If you are reading this article, you probably have already welcomed a cat to your abode or are planning to get one. First of all, congratulations! Cats can be excellent housemates and warm companions to share your life with.
However, as exciting as this time is for you, adapting to a new home can be highly stressful for your pet kitten. That’s why we made this list for you to cut short the difficult adjustment period at the beginning of every relationship.
- Start Slow
A new cat may need a few weeks to adjust to her surroundings. Postpone the meet-and-greets with friends, relatives, and neighbors until the cat starts eating and sleeping regularly.
It is often assumed that cats will do just fine without much assistance due to their more independent natures. But you may also benefit from taking some time off to help your pet adjust to its new home.
Adjusting to a new home environment can be highly stressful for a cat. Being present helps ease their stress and settle faster. It can also contribute to developing a solid bond between you and your new housemate.
- Offer a safe place of their own
It is essential to allow your cat to observe her new family’s routine from a small, dark space or one high above the place where general activities happen.
Allowing your cat immediate access to the entire house can be extremely stressful for them. It is far preferable to set up a cat-proofed, quiet, and secure room to use as a safe haven when they first arrive.
Ideally, this place should be exclusively theirs for at least the first few weeks. Don’t allow any other pets or loud children into that place.
- Cat Proof your House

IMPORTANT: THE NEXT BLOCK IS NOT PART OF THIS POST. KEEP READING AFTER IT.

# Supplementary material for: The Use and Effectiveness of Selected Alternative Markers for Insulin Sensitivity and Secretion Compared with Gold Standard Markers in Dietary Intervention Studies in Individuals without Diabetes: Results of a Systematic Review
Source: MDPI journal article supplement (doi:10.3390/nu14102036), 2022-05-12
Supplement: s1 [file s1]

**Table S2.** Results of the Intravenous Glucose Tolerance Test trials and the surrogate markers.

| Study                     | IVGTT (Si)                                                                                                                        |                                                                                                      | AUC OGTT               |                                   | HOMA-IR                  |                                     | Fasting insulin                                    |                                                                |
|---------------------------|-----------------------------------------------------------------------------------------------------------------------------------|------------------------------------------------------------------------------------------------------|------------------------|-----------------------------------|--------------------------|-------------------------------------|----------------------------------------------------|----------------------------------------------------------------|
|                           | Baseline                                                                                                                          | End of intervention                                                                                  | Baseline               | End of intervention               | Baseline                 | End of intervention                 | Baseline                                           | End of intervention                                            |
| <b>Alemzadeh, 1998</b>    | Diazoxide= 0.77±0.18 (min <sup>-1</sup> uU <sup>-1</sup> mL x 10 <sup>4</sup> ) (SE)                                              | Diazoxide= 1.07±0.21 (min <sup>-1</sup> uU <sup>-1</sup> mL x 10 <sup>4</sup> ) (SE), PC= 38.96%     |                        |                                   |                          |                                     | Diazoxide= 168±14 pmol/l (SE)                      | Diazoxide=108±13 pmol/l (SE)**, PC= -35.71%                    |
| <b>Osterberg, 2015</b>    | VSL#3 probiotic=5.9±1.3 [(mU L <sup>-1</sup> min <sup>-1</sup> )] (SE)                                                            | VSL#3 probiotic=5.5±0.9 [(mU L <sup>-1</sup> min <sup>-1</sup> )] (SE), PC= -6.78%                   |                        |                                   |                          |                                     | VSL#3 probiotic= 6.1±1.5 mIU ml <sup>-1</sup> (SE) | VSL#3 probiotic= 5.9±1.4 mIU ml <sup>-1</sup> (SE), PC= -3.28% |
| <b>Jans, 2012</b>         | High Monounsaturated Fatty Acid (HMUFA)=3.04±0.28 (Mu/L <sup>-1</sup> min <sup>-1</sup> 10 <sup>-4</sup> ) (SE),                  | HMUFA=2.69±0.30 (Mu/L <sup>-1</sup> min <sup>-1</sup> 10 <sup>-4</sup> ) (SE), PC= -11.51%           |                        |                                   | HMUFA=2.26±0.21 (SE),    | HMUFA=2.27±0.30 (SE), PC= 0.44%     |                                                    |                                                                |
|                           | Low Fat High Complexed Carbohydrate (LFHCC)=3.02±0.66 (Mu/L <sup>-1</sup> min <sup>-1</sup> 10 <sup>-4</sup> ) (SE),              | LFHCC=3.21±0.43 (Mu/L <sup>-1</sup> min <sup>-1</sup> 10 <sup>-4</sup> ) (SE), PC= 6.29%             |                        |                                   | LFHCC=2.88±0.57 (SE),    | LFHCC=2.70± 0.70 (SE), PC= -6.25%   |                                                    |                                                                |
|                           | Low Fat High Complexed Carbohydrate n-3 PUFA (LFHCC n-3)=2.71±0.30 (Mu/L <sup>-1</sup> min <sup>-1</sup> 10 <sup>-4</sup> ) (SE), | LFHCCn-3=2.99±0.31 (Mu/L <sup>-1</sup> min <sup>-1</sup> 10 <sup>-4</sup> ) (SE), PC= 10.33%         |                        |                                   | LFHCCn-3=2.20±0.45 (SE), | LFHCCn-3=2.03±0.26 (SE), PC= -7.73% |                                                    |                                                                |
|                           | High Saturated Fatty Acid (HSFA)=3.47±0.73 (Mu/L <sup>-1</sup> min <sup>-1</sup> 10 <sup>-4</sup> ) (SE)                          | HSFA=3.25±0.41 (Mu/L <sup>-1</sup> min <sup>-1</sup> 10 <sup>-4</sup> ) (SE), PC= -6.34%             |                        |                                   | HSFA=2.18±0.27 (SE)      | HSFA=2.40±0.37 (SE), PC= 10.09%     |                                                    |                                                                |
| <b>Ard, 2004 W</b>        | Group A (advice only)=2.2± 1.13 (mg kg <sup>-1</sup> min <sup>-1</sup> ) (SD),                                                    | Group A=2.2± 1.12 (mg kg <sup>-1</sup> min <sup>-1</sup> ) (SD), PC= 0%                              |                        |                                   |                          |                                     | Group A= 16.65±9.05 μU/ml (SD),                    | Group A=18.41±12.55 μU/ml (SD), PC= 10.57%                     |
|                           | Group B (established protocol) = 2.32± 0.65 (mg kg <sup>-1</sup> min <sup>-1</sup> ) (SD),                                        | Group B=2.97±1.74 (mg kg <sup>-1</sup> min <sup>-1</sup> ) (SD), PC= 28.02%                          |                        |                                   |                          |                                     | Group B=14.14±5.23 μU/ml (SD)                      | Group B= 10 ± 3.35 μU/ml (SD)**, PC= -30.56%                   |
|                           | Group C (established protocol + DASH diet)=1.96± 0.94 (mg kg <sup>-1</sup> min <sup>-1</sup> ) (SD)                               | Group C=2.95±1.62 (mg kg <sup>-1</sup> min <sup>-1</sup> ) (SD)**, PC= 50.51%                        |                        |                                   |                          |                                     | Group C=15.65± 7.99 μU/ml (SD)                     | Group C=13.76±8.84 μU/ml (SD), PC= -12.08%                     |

It’s unlikely that you’ll be able to explain the rules of the house to your furry roommate. The most proactive approach is to offer your cat appealing alternatives to trashing your home.
However, it would be best if you also employed some defensive strategies. You have to ensure that any accessible house areas have been made safe for them as they explore their new domain. Place harsh cleaning products, human medications, and household poisons in an inaccessible place.
Any poisonous houseplants should be relocated. If the new family member is a kitty, put any breakables away from their reach and keep the toilet lid closed.
- Buy food for your Cats
Ideally, you should provide them with small meals at multiple intervals of the day.
Further, remember that cats are obligate carnivores, which means they can only get nutrients from animal products. So, you need to provide them with foods high in protein, moderate in fat, and low in carbs.
Cats should eat primarily wet food as they have a higher water content which helps prevent kidney, lower urinary tract disease, and even obesity. However, dry foods can be a cheap alternative in certain circumstances as they can be left out for a long time.
If you don’t know where you should begin your shopping, you can start with PETstock – they offer high-quality food for your kitten at cost-friendly prices.
- Set up a Litter Box
Most cats prefer grain clumping litter. Try that first unless the new guest is so young that she is in the litter-eating stage. Also, provide one more litter box in your home than you have cats.
If you’ve only provided your cat with a single, solitary option, numerous factors could prevent them from using that. It is best to distribute the litter boxes throughout your home, with at least one litter box on each floor. Your cat should ideally have at least two routes to and from each box.
- Routine health care
The non-emergency, general care is required to keep your cat healthy. Your new feline friend needs to be taken to a veterinary every 3 to 4 weeks until they are 16 weeks old.
Feline leukemia and feline immunodeficiency virus testing will be performed on cats. They also receive vaccinations against a variety of diseases.
If you adopt an older cat, you should take them to the vet at least twice a year, if not more frequently, because illness is more common in older pets and should be detected sooner to ensure proper treatment.
Follow a wellness routine for your pet as recommended by your vet to catch early signs of any disease.
Over to you…
Starting off on the right foot is essential for any healthy relationship. Following these tips will ensure your cat’s safety while building trust and affection between you and your new companion.